That’s because Grafting basically creates a list with each item of the list you are grafting, so [1, 2, 2] becomes [1] [2] [2].

I think that is what is happening to our lines. The last line gets repeated multiple times because it’s the last item in the Line collection.

If we Graft the Line collection, then each line is passed independently, and the Move component is applied X amount of times to each line.

### Mirroring the slits

Nice, the hard part is done. We’ve managed to copy the elements on the right, using a slider to decide how many times, and then being able to adjust the width between the hinges. Now, we can use the Mirror component to copy that to the other side of the design.

Add the Mirror component, by default the Plane it uses is the YZ plane, which is what we want, so leave it like that.

I read online that it’s good to add circles at the end of the slits because it relieves stress and avoids breaking. With my understanding of Grasshopper so far I had an idea of how to do it.

### The Explode component

First, you have to get all the lines of the hinges into a Curve collection, and then collect all the vertices to use as the center of some circle objects. By browsing the Grasshopper bar I found an icon with “Explode” on it. It seems like it could help, let’s drag it on.

The Explode component takes in Curves and gives out Segments and Vertices.

### Adding the circles to the Vertices

The Circle component asks for Plane and Radius as inputs, but I need to decide the center of it. I visited the Curve tab and looked in the Primitive dropdown… There’s something called a Circle CNR component, which when hovering says “Create a circle defined by center, normal and radius.”. That’s perfect, let’s drag it on.

I drag the vertices from the Explode output to the Center input, and tada!, circles appear. I added a slider to decide it’s Radius.

One thing though… there are circles on the edge of the hinge, which I don’t really want to. I need to be able to say something like “Only do the ones that are not on the edge, or that are in the rectangle”. So, WWGD? (What would Grasshopper do?). Inside the rectangle means inside the edge of it, and the edges are curves, so, maybe say if the point is inside a curve? Let’s double-click and see if there’s something that comes up…

Ha! Yes, that was easier than I thought.

### The Point in Curve (InCurve) component

It takes two inputs, the Points you want to check are in the curve, and of course, the Curve itself.

Let’s drag the Rectangle we created earlier as the base of the hinge to the Curve parameter, and of course the Vertices from the Explode component to the Points parameter.

The outputs of the Point in Curve component are Relationship (R), which gives 0 if a point is outside, 1 if the point is on the curve or 2 if the point is inside the curve, and P’ which are the “points projected on the region plane”... It’s the same amount as the ones intaken, so I guess it just outputs them all out.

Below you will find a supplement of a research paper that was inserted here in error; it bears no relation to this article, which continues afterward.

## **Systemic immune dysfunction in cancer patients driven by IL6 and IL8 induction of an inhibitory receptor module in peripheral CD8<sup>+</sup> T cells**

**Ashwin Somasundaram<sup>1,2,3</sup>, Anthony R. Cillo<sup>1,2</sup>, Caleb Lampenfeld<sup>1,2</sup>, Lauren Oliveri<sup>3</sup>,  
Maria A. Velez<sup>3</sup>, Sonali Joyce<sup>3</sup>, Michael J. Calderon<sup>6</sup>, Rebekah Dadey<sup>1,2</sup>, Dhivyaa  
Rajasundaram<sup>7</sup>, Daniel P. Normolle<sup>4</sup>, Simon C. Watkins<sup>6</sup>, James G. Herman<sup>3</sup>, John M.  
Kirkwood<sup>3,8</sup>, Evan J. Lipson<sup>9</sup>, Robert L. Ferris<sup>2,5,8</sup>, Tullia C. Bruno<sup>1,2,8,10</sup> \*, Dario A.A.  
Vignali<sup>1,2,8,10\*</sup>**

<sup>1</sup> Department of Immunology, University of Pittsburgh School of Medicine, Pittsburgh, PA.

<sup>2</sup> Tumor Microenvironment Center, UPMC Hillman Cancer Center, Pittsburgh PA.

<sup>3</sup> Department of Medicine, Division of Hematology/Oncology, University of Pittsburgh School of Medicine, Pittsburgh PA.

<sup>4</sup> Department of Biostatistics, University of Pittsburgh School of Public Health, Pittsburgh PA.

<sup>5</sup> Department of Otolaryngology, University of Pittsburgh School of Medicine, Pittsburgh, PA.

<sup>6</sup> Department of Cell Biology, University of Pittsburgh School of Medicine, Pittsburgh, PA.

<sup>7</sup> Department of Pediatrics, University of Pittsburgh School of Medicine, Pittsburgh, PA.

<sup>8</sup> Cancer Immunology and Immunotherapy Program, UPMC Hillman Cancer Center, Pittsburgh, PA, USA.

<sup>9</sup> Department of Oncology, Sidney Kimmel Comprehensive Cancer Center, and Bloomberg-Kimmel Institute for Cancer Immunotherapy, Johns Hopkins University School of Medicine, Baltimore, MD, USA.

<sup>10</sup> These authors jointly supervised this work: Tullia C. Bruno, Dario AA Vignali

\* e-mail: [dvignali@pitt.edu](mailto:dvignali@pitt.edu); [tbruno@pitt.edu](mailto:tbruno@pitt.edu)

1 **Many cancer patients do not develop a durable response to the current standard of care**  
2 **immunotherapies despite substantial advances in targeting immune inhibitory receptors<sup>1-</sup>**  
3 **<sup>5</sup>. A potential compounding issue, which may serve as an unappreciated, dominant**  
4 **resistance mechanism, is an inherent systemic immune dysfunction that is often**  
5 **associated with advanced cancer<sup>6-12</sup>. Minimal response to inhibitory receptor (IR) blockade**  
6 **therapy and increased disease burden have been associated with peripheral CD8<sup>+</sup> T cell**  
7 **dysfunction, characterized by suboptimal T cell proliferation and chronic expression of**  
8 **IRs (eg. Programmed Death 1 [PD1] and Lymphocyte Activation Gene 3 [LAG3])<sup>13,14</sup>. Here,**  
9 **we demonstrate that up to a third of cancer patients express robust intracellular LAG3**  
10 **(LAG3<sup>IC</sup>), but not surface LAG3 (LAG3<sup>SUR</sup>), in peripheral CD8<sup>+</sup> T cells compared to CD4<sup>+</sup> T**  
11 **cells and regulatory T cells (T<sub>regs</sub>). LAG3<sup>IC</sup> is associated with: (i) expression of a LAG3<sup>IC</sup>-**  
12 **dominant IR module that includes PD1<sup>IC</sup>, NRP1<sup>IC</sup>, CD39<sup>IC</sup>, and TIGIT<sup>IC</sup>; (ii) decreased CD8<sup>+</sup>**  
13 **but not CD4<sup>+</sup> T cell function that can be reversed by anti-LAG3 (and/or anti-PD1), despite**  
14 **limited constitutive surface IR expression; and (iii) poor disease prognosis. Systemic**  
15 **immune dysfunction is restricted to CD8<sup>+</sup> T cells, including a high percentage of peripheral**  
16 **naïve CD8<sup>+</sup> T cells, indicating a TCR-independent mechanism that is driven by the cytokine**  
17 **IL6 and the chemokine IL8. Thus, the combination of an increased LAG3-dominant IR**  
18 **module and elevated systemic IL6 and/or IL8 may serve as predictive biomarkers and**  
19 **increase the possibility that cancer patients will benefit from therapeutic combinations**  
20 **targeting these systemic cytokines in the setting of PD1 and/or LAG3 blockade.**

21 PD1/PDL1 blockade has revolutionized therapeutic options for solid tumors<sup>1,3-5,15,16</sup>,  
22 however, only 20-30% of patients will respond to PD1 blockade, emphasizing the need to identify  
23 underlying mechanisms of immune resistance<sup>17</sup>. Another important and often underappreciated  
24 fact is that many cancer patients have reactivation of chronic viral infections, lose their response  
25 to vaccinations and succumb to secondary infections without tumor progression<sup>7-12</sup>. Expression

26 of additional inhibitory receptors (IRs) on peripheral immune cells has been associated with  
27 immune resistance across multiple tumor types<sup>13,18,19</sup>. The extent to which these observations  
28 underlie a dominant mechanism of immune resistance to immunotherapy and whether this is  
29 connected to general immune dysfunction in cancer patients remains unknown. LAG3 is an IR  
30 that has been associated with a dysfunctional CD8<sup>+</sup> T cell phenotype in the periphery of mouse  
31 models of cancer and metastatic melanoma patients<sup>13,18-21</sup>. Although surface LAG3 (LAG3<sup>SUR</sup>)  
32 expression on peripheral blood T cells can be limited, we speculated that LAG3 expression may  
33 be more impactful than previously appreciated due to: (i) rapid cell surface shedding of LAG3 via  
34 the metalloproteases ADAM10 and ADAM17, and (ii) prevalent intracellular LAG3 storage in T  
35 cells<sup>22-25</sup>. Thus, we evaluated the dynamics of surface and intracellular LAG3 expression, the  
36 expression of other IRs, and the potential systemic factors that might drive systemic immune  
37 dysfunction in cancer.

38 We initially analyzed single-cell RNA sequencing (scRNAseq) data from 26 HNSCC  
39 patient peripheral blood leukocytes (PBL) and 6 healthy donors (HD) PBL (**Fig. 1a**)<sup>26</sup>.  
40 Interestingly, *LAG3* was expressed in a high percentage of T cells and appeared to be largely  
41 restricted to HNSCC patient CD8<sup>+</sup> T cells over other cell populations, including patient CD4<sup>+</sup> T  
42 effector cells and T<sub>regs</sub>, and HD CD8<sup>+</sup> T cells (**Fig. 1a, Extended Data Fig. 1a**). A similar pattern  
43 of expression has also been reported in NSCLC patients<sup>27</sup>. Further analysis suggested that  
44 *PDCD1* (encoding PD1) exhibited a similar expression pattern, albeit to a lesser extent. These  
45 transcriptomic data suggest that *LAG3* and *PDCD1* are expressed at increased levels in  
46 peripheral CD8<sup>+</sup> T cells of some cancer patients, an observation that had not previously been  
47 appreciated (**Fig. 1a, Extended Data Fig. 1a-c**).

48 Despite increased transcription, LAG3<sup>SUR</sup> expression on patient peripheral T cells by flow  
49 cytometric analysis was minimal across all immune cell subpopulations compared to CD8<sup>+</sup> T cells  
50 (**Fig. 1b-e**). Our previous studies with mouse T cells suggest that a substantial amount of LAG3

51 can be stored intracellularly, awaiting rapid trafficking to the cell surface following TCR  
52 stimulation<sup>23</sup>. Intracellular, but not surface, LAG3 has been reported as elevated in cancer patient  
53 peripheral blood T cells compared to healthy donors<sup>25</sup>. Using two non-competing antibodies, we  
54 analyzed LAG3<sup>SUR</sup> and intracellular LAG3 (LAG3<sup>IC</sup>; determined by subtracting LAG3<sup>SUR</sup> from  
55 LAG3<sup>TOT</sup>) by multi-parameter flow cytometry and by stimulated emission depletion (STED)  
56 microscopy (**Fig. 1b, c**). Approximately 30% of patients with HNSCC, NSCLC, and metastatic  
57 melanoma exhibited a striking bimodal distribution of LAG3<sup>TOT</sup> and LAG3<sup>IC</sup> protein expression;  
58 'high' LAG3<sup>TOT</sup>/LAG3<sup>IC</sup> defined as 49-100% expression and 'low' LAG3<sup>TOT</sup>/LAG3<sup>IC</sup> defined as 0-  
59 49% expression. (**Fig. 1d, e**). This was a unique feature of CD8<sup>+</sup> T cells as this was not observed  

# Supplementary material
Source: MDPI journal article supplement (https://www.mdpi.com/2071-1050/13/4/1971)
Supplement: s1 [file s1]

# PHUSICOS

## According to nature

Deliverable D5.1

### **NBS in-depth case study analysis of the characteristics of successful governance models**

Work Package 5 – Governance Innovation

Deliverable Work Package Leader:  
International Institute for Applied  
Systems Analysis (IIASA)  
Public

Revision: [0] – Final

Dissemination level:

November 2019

We want to check that the point is inside the curve, not coincident or out, so let’s check with the list of Relationship that it outputs (you can see some 2s and 1s).

I struggled with the step above but found the solution while Googling, the answer is available here.

Basically you add a Equality (Equals) component, input the Relationship output from InCurve into A, and then input 2 into the input B. It outputs True or False.

Then add a Dispatch component which separates its input, a List (L), into two different lists depending on the condition. The condition is given in the Dispatch pattern (P) input. If true, it comes out of A. Let’s plug the = output of Equality to the P input of Dispatch, and finally the A output of Dispatch to the Center (C) input of Circle…

Boooom! It works! Making Grasshopper work on my own, oh yeah.

That’s it! Just need to compile all the curves/lines I created in this project into one big Curve collection which I can now Bake into Rhino. Beautiful. It’s been emotional Grasshopper.

## Baking

I love baking. It’s simple and easy, you can either right-click > Bake, or press the spacebar above the component, and then click on the egg icon. Tada!

## Conclusion & how it could be improved

I really enjoyed doing this. Once you get how Grasshopper works, you can quite quickly get the hang of it and design stuff.

### How it could be improved?

The length of the living hinge could automatically adapt to the number of hinges and how wide it is, as well as the depth of the notch (number of hinges * width of hinges + 2 * notch depth).

The living hinges could go to infinity and then create a rectangle of which you control the width, and if the living hinges are within this rectangle they show. That means that you don’t have to add 4 hinges at a time.

## Preparing the files

### Exporting the design with Grasshopper

Like we said before, you Bake the hinge in Rhino. The beauty of it is that you can easily change parameters and Bake it multiple times, to do some testing. That’s what I did. I modified the number of slits as well as the distance between them.

### JobControl settings